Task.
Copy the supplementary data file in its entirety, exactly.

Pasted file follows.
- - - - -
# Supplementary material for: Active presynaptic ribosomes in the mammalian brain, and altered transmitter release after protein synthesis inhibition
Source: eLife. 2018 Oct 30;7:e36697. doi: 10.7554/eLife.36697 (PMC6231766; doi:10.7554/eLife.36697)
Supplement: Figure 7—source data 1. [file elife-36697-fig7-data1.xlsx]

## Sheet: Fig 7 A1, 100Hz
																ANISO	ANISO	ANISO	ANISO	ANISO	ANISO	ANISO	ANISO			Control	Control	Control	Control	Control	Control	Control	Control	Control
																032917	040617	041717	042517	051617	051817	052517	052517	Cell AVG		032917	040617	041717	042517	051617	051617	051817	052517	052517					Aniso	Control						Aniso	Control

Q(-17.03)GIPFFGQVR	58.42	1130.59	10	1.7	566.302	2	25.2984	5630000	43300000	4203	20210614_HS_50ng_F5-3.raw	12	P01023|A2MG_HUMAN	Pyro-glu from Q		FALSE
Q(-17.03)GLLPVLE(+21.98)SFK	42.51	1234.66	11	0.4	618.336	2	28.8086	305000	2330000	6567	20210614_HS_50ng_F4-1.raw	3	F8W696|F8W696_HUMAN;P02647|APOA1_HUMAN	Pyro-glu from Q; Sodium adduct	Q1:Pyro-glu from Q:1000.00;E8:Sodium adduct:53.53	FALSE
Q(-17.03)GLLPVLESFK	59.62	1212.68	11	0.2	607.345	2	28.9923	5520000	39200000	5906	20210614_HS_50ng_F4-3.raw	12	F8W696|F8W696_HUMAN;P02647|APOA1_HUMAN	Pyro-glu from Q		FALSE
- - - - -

# Supplementary material for: Active presynaptic ribosomes in the mammalian brain, and altered transmitter release after protein synthesis inhibition
Source: eLife. 2018 Oct 30;7:e36697. doi: 10.7554/eLife.36697 (PMC6231766; doi:10.7554/eLife.36697)
Supplement: Figure 7—source data 1. [file elife-36697-fig7-data1.xlsx]

## Sheet: Fig 7 A1, 100Hz
																ANISO	ANISO	ANISO	ANISO	ANISO	ANISO	ANISO	ANISO			Control	Control	Control	Control	Control	Control	Control	Control	Control
																032917	040617	041717	042517	051617	051817	052517	052517	Cell AVG		032917	040617	041717	042517	051617	051617	051817	052517	052517					Aniso	Control						Aniso	Control

Q(-17.03)GIPFFGQVR	58.42	1130.59	10	1.7	566.302	2	25.2984	5630000	43300000	4203	20210614_HS_50ng_F5-3.raw	12	P01023|A2MG_HUMAN	Pyro-glu from Q		FALSE
Q(-17.03)GLLPVLE(+21.98)SFK	42.51	1234.66	11	0.4	618.336	2	28.8086	305000	2330000	6567	20210614_HS_50ng_F4-1.raw	3	F8W696|F8W696_HUMAN;P02647|APOA1_HUMAN	Pyro-glu from Q; Sodium adduct	Q1:Pyro-glu from Q:1000.00;E8:Sodium adduct:53.53	FALSE
Q(-17.03)GLLPVLESFK	59.62	1212.68	11	0.2	607.345	2	28.9923	5520000	39200000	5906	20210614_HS_50ng_F4-3.raw	12	F8W696|F8W696_HUMAN;P02647|APOA1_HUMAN	Pyro-glu from Q		FALSE